2011: #24 – The Devil in the White City (Erik Larson)

whitecity Book #24 was The Devil in the White City: Murder, Magic, and Madness at the Fair that Changed America by Erik Larson. The back of the book reads:

Bringing Chicago circa 1893 to vivid life, Erik Larson’s spellbinding bestseller intertwines the true tale of two men–the brilliant architect behind the legendary 1893 World’s Fair, striving to secure America’s place in the world; and the cunning serial killer who used the fair to lure his victims to their death. Combining meticulous research with nail-biting storytelling, Erik Larson has crafted a narrative with all the wonder of newly discovered history and the thrills of the best fiction.

What first interested me in this book was H.H. Holmes. I’m a sucker for a serial killer, and what’s more interesting than the man who was one of America’s first? Holmes was an extremely smart and clever man, able to pull off con after con for years to not only acquire victims, but money and property. He built his own house of horrors under the nose of other people who not only worked in the building, but lived there. By the time the authorities caught up with him, mostly by luck, he had killed 27 people that they knew about. The real number could be hundreds.

But Holmes isn’t the real star of this book, and that was the biggest surprise. I ended up being much more enthralled by the story of the World’s Fair than in Holmes story. The book follows the fair from it’s earliest planning stages to the bitter end. It’s really amazing the things that became popular because of this fair. It was a big reason why Tesla’s A.C. won out over Edison’s D.C.. The Ferris Wheel was invented. The largest buildings of the time were built. It’s when the term "midway" was coined. Food products like Cracker Jack, Juicy Fruit, and Shredded Wheat were introduced. And there was so much more; it really was an amazing event for the country.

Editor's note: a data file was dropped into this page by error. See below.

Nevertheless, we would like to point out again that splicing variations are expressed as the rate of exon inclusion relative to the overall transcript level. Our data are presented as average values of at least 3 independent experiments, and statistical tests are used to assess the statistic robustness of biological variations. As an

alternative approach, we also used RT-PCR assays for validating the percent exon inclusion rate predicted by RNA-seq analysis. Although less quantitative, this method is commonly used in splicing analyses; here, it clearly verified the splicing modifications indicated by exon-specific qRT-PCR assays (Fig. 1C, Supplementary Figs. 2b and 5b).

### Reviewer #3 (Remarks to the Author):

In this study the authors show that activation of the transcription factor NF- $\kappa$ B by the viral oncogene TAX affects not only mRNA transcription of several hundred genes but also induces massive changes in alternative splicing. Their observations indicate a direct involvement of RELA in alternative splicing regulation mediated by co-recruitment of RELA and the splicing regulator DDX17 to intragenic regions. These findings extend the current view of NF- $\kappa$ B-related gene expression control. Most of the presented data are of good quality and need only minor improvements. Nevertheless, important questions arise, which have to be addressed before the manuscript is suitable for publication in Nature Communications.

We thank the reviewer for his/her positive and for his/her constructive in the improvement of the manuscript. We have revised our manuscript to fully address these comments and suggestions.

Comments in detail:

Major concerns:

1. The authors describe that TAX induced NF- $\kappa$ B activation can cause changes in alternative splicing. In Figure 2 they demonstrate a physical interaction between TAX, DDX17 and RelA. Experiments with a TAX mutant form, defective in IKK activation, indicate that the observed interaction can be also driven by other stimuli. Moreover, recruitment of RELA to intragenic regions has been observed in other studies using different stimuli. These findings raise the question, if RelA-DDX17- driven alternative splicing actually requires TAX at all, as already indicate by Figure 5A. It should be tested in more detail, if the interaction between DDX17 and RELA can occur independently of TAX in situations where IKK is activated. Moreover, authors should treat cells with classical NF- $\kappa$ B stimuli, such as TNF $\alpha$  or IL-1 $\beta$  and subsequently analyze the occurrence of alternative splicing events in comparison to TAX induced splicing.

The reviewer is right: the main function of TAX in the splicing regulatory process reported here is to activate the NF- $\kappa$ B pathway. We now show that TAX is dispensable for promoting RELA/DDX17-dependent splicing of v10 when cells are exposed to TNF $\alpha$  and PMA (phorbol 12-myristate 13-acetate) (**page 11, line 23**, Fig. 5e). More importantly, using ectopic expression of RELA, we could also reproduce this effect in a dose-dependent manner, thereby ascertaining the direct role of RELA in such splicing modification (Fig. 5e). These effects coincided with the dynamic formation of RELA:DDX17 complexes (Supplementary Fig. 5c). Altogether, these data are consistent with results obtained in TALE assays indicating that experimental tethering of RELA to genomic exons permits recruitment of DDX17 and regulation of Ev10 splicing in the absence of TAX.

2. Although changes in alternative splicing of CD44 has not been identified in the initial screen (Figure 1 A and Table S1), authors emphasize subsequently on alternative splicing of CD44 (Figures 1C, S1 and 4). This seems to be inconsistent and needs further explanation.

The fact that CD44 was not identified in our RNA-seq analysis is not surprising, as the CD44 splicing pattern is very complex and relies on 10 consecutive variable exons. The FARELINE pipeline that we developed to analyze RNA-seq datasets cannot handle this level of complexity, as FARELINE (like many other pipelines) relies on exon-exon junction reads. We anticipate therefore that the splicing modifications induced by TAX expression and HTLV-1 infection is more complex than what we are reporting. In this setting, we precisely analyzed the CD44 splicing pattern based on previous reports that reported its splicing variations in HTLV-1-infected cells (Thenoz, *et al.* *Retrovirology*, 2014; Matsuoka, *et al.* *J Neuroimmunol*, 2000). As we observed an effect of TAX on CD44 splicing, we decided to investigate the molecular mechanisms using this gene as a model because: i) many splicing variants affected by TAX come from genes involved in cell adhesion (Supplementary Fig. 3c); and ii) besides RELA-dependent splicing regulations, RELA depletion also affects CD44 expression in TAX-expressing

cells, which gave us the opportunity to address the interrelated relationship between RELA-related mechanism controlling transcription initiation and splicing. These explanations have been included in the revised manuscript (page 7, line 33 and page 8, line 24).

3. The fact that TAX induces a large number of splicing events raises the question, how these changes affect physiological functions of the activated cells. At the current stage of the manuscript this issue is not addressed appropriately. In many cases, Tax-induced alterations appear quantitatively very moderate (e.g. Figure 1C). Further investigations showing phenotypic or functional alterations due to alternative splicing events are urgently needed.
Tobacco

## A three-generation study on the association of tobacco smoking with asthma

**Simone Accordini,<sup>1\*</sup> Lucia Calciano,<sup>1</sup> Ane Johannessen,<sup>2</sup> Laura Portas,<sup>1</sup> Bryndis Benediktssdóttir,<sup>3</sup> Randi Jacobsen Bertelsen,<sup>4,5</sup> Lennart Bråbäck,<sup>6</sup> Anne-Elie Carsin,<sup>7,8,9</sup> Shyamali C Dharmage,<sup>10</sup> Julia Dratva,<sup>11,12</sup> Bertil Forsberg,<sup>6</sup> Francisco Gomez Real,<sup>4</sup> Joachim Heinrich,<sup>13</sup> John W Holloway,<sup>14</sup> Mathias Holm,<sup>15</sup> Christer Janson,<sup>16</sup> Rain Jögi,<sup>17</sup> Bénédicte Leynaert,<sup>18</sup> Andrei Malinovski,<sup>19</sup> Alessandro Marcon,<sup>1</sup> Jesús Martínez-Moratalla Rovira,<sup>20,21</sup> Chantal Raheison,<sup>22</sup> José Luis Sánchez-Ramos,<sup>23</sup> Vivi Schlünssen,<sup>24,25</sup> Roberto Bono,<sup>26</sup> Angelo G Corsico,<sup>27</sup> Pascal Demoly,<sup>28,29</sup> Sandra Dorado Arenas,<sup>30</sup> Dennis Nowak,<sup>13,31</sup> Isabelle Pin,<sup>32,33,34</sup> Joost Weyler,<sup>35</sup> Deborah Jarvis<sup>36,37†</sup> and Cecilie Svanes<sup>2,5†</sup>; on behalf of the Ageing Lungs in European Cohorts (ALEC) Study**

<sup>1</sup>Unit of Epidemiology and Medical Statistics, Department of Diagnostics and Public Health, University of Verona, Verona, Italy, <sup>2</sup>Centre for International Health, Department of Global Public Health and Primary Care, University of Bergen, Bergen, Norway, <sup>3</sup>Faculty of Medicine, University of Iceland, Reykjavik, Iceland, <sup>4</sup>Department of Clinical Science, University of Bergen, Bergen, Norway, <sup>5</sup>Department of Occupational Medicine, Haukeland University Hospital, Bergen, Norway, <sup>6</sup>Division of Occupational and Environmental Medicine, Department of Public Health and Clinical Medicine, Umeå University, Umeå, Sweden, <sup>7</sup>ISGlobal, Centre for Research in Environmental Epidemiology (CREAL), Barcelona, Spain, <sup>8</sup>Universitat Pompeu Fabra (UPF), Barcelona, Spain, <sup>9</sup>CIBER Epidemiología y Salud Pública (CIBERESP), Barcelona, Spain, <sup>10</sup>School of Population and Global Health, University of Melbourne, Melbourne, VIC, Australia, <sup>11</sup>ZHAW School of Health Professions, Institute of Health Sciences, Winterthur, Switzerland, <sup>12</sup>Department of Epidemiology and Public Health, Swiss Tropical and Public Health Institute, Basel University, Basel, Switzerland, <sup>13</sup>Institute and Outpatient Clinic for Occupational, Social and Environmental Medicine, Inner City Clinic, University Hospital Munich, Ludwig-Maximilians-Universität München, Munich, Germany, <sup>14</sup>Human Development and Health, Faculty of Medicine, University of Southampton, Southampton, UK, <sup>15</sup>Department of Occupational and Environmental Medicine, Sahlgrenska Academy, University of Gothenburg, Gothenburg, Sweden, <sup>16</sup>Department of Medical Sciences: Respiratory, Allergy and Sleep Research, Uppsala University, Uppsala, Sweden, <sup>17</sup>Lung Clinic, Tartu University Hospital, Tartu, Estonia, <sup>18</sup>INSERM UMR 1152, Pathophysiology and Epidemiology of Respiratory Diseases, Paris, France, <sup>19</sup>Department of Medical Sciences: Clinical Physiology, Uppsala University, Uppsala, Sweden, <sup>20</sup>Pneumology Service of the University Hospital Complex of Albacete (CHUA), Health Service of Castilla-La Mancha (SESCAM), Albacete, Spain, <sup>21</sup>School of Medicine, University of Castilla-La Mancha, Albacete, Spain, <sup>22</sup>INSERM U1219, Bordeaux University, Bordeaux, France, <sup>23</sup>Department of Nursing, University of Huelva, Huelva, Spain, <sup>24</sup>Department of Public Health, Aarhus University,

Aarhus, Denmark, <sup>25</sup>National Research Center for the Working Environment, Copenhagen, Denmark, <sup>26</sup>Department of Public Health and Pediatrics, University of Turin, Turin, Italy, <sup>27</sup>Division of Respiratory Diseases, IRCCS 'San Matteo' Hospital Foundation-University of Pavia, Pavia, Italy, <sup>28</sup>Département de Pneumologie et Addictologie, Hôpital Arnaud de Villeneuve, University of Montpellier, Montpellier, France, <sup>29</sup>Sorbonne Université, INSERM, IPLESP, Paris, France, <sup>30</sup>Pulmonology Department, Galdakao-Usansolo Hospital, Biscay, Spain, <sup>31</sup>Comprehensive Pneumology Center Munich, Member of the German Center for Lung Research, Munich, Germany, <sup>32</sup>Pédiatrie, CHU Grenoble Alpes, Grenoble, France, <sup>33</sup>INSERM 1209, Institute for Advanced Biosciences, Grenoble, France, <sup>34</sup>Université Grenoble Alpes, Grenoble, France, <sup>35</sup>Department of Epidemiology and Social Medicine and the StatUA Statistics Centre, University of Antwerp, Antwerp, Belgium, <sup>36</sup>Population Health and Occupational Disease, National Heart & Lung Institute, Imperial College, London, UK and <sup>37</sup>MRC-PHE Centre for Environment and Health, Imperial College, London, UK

Unfortunately, because the book is straight non-fiction, rather than creative non-fiction, it can get a little dry in places. There’s really only so many times you need to tell me that the landscape designer (who, by the way, also designed Central Park and the grounds of the Biltmore), was extremely particular. Beyond that, I found it to be a very interesting piece of history.

Other reviews:

Review: The Devil in the White City « The Literary Omnivore
Erik Larson – The Devil in the White City « Fyrefly’s Book Blog
fashion_piranha: Review: The Devil in the White City by Erik Larson
So Many BooksSo Little Time: The Devil in the White City by Erik Larson
Bending Bookshelf: Erik Larson – The Devil in the White City

Page count: 447 (’11 total: 6,409) | Approximate word count: 111,750 (’11 total: 2,283,602)

2010: Shakespeare’s Landlord (Charlaine Harris)
2009: The Beautiful Things That Heaven Bears (Dinaw Mengestu)
2008: The Death of Vishnu (Manil Suri)
2007: Mistral’s Kiss (Laurell K. Hamilton)
2006: Micah (Laurell K. Hamilton)
2005: The Vile Village (Lemony Snicket)

Used in these Challenges: Countdown Challenge 2011; 2011 TBR Pile Challenge; New Author Challenge 2011; Outdo Yourself Reading Challenge 2011; Four Month Challenge – Part 6

3 comments

  1. It does sound interesting. I can stand some dry parts as long as they don’t overwhelm the book.

  2. carol says:

    I actually loved this book, and I’m not much of a non-fiction reader.

  3. Aths says:

    I love the sound of this book, though the straight nonfiction aspect is scaring me. I’ll still check this out!

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